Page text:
Saturday, October 25, 2014
Critical NASA Science Returns to Earth aboard SpaceX Dragon Spacecraft (Press Release)
SpaceX's Dragon cargo spacecraft splashed down at 3:39 p.m. EDT Saturday, Oct. 25, in the Pacific Ocean, approximately 300 miles west of Baja California, returning 3,276 pounds of NASA cargo and science samples from the International Space Station (ISS).
A boat will take the Dragon spacecraft to a port near Los Angeles, where some cargo will be removed and returned to NASA within 48 hours. Dragon will be prepared for a return journey to SpaceX's test facility in McGregor, Texas, for processing.
“This mission enabled research critical to achieving NASA’s goal of long-duration human spaceflight in deep space,” said Sam Scimemi, director of the International Space Station division at NASA Headquarters. “The delivery of the ISS RapidScatterometer advances our understanding of Earth science, and the 3-D printer will enable a critical technology demonstration. Investigations in the returned cargo could aid in the development of more efficient solar cells and semiconductor-based electronics, the development of plants better suited for space, and improvements in sustainable agriculture.”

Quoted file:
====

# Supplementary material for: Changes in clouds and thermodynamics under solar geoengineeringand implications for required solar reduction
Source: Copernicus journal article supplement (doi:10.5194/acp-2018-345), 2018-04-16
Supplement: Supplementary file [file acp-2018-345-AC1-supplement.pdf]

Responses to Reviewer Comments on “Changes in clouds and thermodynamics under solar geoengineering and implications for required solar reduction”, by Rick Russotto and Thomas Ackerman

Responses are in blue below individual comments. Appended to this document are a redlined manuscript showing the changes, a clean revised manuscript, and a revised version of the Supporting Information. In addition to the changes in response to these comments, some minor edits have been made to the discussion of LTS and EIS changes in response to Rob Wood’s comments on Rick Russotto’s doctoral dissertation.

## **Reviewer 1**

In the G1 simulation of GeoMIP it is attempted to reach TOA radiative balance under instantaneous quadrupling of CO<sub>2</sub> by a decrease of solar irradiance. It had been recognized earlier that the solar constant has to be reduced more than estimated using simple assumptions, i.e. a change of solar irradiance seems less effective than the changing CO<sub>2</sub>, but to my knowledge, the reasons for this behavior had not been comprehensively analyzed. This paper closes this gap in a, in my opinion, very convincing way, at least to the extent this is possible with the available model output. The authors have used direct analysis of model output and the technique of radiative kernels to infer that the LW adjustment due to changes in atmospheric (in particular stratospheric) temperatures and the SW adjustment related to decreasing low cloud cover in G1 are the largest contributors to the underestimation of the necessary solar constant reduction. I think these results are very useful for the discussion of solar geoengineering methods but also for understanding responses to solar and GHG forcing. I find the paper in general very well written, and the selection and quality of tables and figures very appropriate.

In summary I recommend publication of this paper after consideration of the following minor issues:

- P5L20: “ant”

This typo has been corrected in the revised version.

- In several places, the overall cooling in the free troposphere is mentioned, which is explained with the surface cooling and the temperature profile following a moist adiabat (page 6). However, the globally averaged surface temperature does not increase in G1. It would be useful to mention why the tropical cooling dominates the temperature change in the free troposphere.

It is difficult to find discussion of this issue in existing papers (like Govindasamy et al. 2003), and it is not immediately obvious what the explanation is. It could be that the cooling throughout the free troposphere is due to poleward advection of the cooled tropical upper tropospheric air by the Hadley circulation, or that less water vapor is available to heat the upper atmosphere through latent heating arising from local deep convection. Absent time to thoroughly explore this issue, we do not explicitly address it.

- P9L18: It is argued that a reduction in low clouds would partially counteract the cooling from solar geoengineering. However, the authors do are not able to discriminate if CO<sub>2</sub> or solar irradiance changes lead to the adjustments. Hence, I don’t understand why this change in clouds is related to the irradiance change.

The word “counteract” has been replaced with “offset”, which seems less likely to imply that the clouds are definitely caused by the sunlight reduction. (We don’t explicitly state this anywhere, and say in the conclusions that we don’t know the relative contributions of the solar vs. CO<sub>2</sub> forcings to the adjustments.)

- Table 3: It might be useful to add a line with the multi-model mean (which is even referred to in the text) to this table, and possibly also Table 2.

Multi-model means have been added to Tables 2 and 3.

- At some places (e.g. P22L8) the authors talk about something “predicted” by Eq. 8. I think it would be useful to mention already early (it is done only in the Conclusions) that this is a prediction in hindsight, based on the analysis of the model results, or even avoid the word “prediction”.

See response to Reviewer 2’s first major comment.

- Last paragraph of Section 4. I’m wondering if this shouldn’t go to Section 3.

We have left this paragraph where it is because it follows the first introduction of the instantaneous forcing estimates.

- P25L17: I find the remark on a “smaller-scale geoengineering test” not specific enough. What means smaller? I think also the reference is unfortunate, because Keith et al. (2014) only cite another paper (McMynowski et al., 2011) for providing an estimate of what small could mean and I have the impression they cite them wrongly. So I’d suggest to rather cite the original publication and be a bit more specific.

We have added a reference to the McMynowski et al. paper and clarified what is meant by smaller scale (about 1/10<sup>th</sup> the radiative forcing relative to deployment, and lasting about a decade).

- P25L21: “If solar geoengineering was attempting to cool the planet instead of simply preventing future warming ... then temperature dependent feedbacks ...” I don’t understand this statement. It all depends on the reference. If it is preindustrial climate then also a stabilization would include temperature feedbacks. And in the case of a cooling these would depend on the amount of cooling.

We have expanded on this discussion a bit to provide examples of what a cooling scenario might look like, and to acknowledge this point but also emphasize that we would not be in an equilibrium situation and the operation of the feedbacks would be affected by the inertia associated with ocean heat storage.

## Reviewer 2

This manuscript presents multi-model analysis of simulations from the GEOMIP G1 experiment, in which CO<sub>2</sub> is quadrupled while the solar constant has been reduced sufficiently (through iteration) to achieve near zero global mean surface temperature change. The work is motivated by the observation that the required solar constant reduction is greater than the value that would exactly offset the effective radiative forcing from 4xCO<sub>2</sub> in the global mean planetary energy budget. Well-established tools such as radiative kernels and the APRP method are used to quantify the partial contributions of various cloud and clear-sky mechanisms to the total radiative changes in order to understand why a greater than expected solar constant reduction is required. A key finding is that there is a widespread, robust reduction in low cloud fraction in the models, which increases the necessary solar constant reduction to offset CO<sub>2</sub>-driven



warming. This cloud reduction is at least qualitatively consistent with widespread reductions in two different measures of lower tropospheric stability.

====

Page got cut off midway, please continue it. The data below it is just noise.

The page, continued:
Among the returned investigations was part of the Rodent Research-1 experiment, which also launched last month to space aboard this Dragon. This study supports ongoing research into how microgravity affects animals, providing information relevant to human spaceflight, discoveries in basic biology, and knowledge that may direct affect human health on Earth. NASA and the Center for the Advancement of Science in Space (CASIS) are developing spaceflight experiments that will use the Rodent Research Hardware System.